Day 3, Sonoma County. This is one of the most important and diverse of California’s wine regions. We headed over to David Ramey’s cellar in Healdsburg for a regional overview tasting. In addition to David Ramey himself, the other winemakers present were Nate Weis (Silver Oak), Mike Sullivan (Benovia) and Andy Robinson (Seghesio). They took us through flights of Chardonnay, Pinot Noir, Zinfandel and Cabernet Sauvignon to illustrate what Sonoma can do.
It was a good tasting, well organized, and it didn’t drag. Things have changed in Sonoma, and with the development of newer, cooler sites Chardonnay (15 000 acres) and Pinot Noir (12 000 acres) are now the most widely planted varieties. Both flights were really good. Then comes Cabernet Sauvignon at 11 000 acres, and Zinfandel at 5800 acres. Cabernet was the weakest flight: but this is a grape that’s still in great demand. The Zinfandel flight was a surprise: some lovely, balanced wines. But it was pointed out to us that this wasn’t necessary a typical flight of Zinfandel.
After this it was off to Iron Horse, where we had lunch with Joy Sterling (CEO), and her charming parents Audrey and Barry. They came to Green Valley in western Sonoma back in the 1970s to start a vineyard. ‘It is hard to remember how pioneering it was to be this far west in 1976,’ says Barry. They decided to plant Pinot Noir and Chardonnay because it was what they loved to drink. When the family relocated to California after spending time in France, they found that of their significant wine collection which they had shipped back, there was lots of Bordeaux left but very little Burgundy. Iron Horse are known for their sparkling wines. ‘Making sparkling wine was an accident,’ says Barry. They were friends with Daniel Carasso, who founded Danone, but also had a Champagne house. In 1979, they served Carasso a Pinot Noir saignee rose that they’d made and Carasso commented that it reminded him of Champagne vin clair. A year later the Sterlings made their first sparkling wine.
Barry was born in 1929, on the weekend of the great crash. ‘When my mother went into the hospital she could afford me,’ he says, ‘but when I came out she couldn’t.’ Barry was an attorney with a law firm. Audrey had taken him to Paris when he was 30, and he fell in love with it. Then, when Reagan became governor of California, they decided it was time to leave. So he merged his law firm with one that wanted to open in Paris, and took his family there. ‘A lot of people dream, and a lot of people talk,’ says Joy, ‘but they do,’ referring to her parents and their pioneering spirit.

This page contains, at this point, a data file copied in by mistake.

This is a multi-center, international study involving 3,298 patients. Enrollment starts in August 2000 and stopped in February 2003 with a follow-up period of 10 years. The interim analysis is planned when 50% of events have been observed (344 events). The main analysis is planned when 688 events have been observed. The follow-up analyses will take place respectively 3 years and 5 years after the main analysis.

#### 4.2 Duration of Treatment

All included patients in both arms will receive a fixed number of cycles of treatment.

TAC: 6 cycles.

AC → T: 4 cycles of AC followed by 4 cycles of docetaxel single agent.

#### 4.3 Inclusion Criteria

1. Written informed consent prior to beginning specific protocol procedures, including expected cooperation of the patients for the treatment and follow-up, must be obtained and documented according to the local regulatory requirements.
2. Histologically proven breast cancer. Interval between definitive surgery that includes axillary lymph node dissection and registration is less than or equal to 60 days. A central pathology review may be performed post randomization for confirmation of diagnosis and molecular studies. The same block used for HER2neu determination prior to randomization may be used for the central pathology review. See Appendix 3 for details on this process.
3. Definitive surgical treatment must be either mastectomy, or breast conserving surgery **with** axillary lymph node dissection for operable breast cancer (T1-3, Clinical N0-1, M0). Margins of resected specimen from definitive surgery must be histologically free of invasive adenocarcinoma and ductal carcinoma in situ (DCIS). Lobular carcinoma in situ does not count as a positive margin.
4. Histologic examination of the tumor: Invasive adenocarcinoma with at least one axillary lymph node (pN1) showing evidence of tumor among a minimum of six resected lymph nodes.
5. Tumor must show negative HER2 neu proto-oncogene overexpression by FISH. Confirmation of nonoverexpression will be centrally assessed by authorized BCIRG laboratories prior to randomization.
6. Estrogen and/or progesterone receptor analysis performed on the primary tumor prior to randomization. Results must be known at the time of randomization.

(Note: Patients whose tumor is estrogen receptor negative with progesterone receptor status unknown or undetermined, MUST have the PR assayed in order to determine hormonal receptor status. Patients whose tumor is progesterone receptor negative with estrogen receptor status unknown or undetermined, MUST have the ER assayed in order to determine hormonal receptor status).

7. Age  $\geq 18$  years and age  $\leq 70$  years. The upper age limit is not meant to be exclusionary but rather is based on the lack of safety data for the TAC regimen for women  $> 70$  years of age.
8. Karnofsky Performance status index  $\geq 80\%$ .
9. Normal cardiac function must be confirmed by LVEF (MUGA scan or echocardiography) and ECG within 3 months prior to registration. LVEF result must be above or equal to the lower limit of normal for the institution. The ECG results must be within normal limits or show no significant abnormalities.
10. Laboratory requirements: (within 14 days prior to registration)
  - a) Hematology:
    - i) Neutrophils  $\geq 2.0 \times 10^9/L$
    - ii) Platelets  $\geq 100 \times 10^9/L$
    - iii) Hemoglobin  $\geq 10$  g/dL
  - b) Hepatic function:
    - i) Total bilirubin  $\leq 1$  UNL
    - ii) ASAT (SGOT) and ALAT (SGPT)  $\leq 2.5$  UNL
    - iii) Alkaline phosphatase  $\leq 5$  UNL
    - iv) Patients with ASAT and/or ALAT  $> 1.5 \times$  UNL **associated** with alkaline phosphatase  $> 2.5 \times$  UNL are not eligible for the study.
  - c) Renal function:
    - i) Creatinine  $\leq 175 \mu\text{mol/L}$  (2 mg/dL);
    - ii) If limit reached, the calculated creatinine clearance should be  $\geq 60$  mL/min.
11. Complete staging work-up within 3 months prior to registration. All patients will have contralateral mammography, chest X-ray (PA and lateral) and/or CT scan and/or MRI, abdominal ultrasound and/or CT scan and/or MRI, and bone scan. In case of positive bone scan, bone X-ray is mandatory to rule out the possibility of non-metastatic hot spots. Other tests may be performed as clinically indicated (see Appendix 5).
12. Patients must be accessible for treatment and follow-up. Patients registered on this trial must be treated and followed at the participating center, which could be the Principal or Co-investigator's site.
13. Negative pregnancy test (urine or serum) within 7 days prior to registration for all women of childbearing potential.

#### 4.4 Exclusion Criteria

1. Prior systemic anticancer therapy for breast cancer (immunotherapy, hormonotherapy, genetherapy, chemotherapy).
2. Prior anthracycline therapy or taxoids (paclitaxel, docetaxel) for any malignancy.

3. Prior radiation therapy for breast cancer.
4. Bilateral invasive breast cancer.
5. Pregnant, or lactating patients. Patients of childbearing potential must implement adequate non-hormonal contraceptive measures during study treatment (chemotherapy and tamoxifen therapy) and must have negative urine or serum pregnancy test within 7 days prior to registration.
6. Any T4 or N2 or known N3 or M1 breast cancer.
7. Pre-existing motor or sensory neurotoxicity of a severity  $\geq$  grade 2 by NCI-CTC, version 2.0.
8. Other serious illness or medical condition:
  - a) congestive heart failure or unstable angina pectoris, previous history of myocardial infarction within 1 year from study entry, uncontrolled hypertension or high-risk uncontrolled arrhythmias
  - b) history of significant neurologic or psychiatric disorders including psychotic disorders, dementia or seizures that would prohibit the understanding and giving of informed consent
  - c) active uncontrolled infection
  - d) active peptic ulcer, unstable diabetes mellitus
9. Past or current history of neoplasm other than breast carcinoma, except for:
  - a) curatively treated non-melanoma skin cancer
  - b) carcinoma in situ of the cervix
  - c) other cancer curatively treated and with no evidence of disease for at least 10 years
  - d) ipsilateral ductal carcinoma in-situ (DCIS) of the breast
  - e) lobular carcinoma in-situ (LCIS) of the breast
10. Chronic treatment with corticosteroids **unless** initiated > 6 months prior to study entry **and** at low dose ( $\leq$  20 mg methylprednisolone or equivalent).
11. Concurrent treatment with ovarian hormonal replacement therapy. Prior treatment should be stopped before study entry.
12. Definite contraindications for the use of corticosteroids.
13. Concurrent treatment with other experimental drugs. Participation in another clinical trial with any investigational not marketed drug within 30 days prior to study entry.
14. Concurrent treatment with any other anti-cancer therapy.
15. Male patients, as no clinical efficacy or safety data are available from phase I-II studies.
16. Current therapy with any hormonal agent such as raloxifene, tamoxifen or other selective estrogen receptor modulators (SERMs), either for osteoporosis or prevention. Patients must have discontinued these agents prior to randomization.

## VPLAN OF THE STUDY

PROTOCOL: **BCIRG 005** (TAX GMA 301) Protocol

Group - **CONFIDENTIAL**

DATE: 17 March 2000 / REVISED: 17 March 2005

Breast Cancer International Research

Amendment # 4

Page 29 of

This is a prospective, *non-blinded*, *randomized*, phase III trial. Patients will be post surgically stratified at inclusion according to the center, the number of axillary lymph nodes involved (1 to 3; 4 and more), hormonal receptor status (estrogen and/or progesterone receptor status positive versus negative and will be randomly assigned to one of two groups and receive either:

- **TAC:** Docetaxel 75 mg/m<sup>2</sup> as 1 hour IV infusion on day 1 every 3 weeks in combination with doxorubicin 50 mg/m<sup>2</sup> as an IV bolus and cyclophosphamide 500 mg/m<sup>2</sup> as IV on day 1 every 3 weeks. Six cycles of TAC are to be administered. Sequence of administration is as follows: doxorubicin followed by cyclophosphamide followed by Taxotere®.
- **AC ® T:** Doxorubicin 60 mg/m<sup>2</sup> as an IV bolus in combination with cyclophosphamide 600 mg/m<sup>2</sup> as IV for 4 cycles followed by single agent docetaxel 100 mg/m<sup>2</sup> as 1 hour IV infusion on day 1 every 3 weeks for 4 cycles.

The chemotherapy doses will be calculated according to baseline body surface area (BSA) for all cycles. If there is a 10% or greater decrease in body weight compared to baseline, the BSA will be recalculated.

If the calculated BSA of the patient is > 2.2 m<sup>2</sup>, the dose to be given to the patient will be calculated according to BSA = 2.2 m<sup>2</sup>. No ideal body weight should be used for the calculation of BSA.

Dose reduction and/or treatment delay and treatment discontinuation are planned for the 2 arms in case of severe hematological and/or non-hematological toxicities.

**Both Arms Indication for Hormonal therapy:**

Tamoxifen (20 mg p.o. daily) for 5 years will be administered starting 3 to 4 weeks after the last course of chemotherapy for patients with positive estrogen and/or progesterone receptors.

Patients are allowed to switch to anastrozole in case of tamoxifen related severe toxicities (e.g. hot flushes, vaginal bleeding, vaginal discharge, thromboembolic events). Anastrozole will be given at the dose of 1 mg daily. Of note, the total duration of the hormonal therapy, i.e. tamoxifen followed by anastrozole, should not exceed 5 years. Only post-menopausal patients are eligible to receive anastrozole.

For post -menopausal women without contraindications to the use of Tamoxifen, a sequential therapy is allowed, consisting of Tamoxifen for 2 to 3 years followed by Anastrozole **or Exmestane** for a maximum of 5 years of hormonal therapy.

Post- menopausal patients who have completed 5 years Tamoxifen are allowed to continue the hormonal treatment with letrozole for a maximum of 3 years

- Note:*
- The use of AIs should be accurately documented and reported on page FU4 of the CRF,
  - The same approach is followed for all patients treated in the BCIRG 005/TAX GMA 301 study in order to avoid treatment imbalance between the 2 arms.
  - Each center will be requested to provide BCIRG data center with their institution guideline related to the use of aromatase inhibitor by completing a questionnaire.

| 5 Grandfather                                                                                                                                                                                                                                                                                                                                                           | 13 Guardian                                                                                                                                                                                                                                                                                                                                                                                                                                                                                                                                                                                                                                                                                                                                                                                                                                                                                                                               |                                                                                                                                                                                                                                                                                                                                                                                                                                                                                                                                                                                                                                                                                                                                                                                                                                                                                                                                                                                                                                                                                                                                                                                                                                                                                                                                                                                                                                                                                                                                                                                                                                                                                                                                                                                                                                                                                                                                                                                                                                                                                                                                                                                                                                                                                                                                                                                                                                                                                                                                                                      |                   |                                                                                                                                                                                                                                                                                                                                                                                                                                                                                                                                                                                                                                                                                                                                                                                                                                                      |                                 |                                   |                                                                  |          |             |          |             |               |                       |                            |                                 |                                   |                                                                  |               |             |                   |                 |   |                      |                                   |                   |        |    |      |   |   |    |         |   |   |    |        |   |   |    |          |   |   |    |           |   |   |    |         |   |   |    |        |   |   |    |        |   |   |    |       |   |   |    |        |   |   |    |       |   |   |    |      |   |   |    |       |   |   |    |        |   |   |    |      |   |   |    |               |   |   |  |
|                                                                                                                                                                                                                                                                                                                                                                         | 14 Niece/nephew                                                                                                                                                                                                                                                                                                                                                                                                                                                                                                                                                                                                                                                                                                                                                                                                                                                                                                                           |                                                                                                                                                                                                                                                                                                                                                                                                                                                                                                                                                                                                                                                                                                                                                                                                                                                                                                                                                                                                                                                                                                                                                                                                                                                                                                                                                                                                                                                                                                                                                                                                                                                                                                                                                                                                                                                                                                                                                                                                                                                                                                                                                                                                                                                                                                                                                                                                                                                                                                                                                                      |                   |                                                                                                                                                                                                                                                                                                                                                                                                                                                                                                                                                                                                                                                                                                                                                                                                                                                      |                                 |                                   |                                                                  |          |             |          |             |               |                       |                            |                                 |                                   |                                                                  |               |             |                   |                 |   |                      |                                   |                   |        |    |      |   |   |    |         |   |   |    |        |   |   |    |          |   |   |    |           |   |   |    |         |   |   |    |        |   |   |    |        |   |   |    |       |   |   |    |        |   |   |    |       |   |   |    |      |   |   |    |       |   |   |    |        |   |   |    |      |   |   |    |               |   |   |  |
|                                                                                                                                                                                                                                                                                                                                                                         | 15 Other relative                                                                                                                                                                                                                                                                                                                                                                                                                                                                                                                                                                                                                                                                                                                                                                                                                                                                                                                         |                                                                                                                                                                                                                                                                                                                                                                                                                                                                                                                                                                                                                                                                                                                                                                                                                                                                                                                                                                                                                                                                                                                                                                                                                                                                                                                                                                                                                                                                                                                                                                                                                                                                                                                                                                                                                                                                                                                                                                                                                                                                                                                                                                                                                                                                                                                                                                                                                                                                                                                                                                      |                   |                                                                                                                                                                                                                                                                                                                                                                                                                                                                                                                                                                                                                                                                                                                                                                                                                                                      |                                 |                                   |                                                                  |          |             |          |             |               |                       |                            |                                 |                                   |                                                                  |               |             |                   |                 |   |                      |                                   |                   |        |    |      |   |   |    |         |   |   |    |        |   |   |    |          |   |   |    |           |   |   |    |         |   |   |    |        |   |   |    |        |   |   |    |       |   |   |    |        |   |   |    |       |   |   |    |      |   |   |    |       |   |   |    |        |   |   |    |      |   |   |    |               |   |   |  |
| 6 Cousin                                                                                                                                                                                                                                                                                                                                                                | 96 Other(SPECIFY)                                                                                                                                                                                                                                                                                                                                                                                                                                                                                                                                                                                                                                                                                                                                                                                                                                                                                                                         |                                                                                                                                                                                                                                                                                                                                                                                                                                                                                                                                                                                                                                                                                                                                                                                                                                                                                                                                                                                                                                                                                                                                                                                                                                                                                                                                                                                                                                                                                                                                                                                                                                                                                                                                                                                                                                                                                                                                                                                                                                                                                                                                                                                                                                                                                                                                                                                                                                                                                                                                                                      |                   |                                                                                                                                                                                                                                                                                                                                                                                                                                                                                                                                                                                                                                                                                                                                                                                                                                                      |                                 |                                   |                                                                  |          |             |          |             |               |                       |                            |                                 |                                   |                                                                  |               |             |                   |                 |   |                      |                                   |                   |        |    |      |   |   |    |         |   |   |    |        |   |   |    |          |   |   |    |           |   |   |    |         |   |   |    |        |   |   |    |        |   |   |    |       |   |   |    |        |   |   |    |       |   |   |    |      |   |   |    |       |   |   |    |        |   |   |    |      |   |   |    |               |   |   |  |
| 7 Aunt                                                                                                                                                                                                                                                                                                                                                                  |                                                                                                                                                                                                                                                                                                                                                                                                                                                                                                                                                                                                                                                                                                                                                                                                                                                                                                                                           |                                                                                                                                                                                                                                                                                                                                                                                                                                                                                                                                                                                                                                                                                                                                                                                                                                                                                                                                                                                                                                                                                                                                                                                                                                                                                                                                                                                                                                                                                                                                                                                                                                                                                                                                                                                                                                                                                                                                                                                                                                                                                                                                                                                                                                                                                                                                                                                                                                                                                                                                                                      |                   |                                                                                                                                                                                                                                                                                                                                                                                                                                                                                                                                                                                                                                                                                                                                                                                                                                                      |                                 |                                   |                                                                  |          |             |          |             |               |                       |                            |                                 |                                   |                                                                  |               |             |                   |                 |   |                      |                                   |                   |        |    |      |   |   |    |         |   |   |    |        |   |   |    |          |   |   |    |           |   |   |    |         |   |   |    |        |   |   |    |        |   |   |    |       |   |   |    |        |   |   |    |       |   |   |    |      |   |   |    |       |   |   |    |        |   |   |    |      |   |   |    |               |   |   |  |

After lunch, it was off to Sebastopol, to the Wind Gap winery and tasting room. Pax Mahle was out of town, but assistant winemaker Jaimee Motley gave us a really good tasting, in the lovely cellar door wine bar space, which is super cool and has vinyl. I just love these wines: they’re fresh, elegant, detailed and precise.
Pax’s approach is to work with cool sites, picking early, using lots of whole cluster, and elevage in neutral oak or concrete. Chenin, Trousseau Gris, Pinot Noir, Syrah and Chardonnay all excel. You can’t go wrong here: everything is good.
This was followed up with a visit to Arnot Roberts, with Duncan and Nathan. They’ve been friends since third grade elementary school (I have no idea about the American school system, but this sounds like a long, long time ago). Their wines are breathtaking. Chardonnay, Trousseau Noir, Pinot Noir, Syrah and Cabernet Sauvignon – all compelling. Again: you can’t go wrong here. If you see these wines, buy all that you can, because availability will be the issue. There’s certainly freshness here, but also a silky elegance to the reds. We were all quite blown away.
We finished the day at Rodney Strong. This is a totally different operation: large, more commercial, with 1350 acres of vines across several sites. Back in the day, Rodney Strong was a pioneering figure in Sonoma – the Mondavi of Sonoma, if you will. The winery was purchased by the current owner, Tom Klein, in 1989.
Winemaker Justin Seidenfeld showed us the remarkable cellar that he’d designed, with square tanks, to maximize the use of space. They’re made from thicker steel, which is needed because cylindrical tanks are structurally stronger. But this extra thickness allows the tanks to be polished in such a way that they can be cleaned much more easily, without chemicals – the water saving in one vintage alone is 4 million gallons, which is around six Olympic-sized swimming pools.The wines are sleek and polished, and well made.